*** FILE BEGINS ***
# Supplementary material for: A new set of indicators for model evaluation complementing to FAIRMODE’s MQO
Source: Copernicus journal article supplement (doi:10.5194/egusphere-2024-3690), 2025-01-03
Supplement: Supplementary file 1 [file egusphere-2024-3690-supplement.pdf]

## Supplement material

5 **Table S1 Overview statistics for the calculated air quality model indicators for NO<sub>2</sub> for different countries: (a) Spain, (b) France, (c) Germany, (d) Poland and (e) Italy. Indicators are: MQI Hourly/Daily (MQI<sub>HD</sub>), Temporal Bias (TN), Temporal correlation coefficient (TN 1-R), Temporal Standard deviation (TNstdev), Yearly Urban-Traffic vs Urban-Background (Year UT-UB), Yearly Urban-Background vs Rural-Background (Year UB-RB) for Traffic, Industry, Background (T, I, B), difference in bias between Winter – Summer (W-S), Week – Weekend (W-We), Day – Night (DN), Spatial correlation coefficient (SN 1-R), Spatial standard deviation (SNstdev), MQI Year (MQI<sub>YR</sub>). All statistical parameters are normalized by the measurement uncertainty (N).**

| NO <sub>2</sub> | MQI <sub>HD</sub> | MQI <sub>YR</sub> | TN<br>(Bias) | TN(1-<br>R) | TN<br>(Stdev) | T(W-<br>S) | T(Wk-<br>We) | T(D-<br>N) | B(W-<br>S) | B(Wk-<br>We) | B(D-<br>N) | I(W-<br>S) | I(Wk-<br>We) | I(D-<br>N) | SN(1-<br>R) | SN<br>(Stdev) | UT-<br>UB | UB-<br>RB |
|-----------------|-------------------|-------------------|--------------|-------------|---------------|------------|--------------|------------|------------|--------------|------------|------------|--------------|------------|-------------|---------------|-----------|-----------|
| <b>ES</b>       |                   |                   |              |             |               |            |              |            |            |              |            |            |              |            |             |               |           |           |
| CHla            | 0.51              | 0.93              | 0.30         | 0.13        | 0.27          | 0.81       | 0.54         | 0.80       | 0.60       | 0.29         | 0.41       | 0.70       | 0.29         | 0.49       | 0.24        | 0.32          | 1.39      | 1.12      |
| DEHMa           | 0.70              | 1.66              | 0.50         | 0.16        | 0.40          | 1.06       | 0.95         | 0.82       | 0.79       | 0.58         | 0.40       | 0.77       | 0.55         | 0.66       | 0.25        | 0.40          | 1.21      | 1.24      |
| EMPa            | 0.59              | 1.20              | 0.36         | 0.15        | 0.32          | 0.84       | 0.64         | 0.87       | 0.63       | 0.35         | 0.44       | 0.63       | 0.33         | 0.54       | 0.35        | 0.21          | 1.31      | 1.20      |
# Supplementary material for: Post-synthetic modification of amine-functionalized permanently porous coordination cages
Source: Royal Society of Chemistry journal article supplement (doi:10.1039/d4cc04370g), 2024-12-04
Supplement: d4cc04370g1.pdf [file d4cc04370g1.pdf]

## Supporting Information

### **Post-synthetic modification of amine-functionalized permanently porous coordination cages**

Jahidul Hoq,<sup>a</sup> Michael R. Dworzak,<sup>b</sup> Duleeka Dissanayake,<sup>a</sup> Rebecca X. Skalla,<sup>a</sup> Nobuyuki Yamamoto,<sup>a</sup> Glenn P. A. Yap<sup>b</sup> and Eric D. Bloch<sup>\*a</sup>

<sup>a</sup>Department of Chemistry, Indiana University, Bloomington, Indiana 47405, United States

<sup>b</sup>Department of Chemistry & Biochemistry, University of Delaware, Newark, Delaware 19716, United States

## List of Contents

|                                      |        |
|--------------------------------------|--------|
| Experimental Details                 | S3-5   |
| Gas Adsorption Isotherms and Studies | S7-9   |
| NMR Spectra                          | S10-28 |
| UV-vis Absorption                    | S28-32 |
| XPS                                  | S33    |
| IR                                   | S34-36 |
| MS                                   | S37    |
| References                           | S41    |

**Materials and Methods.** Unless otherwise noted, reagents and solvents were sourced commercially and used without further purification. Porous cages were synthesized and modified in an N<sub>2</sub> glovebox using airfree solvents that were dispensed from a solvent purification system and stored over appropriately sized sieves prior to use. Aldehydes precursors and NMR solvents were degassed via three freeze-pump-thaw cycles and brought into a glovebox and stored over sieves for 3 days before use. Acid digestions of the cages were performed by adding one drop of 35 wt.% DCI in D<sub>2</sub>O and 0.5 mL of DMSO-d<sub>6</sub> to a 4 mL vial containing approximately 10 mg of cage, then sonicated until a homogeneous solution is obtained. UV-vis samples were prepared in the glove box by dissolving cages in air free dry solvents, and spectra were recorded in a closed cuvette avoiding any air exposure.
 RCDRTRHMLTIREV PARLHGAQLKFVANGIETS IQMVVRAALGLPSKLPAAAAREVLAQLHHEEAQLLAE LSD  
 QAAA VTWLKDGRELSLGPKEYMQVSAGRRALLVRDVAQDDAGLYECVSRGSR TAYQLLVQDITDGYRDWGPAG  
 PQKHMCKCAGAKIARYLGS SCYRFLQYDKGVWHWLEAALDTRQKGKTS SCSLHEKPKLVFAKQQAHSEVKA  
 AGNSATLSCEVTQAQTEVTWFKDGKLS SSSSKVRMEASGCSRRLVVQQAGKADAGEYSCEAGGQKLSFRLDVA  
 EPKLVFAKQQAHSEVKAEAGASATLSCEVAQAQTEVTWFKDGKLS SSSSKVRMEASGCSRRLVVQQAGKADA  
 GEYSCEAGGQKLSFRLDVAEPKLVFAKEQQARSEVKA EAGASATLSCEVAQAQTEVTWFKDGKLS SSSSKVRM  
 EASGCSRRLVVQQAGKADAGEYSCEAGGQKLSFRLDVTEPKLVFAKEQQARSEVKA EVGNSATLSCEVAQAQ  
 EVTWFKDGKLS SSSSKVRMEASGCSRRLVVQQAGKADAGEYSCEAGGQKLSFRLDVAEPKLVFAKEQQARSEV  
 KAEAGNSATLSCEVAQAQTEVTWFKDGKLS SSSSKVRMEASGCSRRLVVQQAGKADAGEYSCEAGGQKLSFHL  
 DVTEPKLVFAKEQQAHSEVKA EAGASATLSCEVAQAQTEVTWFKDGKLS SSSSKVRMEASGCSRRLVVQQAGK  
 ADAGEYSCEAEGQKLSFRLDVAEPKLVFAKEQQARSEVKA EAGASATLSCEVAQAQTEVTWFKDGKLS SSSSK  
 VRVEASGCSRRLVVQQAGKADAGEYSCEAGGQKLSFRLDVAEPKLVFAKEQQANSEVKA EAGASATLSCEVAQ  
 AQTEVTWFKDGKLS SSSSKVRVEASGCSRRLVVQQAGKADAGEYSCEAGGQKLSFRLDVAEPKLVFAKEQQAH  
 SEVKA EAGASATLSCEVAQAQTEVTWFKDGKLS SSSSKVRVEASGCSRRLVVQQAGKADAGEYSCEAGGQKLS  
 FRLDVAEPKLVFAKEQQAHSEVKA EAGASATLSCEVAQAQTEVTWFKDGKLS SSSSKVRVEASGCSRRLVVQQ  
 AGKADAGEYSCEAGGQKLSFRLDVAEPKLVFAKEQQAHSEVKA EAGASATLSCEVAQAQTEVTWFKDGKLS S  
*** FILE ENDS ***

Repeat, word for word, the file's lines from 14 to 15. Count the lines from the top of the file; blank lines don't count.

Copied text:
Supplement: d4cc04370g1.pdf [file d4cc04370g1.pdf]

## Supporting Information